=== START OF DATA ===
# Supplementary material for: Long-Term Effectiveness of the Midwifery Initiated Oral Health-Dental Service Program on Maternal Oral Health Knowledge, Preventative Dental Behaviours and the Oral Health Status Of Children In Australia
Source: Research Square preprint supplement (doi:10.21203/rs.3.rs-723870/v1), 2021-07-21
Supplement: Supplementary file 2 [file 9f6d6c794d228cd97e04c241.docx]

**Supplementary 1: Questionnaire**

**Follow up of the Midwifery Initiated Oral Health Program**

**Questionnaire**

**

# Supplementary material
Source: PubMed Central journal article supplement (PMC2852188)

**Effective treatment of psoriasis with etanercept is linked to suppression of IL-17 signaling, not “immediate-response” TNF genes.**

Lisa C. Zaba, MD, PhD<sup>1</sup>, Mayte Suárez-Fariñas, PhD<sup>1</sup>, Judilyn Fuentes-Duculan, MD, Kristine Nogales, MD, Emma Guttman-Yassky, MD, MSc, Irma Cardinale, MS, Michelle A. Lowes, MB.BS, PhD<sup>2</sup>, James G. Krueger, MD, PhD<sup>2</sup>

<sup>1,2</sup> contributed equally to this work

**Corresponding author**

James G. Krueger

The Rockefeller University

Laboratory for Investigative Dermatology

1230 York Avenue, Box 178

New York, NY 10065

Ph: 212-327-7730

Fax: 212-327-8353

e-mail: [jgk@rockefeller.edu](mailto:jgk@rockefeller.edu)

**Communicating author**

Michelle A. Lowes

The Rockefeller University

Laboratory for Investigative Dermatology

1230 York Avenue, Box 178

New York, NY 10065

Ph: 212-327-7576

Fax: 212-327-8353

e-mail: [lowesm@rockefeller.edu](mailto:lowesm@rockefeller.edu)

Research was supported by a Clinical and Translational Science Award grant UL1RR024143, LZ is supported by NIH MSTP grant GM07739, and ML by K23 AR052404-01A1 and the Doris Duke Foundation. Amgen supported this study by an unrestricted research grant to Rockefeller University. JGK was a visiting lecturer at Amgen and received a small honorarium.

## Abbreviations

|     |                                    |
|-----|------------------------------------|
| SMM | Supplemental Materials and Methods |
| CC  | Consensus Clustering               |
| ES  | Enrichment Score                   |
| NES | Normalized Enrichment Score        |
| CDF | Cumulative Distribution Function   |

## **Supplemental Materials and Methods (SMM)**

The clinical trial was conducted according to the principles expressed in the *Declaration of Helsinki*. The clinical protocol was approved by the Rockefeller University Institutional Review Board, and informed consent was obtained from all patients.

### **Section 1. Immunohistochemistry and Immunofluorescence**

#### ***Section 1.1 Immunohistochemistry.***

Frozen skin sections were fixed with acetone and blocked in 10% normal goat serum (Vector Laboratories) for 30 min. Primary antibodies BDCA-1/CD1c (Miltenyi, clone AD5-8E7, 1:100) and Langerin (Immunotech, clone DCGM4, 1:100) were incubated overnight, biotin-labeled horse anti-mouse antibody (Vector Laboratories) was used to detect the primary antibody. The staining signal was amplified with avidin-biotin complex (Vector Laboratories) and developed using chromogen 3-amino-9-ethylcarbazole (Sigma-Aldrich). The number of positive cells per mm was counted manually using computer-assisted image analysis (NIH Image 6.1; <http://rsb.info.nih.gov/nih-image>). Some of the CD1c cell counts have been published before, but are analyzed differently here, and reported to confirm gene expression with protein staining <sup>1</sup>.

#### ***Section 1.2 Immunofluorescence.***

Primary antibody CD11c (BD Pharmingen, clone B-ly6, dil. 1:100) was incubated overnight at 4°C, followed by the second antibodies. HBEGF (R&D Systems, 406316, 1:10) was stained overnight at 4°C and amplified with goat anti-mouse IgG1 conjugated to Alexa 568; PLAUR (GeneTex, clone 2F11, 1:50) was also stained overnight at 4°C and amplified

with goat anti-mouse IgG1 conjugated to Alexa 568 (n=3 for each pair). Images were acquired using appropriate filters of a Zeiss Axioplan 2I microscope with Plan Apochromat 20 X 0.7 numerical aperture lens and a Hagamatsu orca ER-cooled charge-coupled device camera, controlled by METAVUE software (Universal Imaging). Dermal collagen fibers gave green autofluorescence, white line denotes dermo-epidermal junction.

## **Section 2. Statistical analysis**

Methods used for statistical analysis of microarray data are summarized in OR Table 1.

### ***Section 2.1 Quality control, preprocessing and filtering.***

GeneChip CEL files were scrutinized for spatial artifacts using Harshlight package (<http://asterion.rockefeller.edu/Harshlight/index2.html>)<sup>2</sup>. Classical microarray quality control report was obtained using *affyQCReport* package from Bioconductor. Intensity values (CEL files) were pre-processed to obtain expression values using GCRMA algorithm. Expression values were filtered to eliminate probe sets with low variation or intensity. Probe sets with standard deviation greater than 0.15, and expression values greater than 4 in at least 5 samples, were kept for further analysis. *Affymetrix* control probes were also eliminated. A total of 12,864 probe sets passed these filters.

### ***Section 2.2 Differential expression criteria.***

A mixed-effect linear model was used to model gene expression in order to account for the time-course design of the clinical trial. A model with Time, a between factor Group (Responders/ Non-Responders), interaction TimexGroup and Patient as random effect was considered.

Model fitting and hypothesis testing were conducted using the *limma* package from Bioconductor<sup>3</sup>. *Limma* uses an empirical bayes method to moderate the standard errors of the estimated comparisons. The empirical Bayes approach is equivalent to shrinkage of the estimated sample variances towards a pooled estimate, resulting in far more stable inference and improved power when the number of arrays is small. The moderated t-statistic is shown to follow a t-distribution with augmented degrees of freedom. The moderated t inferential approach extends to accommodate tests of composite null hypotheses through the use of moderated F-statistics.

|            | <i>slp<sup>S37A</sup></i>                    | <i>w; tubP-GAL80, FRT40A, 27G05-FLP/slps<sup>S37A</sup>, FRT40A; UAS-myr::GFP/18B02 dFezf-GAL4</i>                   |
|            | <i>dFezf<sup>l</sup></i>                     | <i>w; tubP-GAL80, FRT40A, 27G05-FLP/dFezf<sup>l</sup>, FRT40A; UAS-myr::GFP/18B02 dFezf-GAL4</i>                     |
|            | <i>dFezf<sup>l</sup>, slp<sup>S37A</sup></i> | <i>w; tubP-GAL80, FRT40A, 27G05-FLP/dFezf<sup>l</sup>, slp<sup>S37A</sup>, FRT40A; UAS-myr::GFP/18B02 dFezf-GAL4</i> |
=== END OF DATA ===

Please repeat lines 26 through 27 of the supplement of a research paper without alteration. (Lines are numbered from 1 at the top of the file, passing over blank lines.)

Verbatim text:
1230 York Avenue, Box 178

New York, NY 10065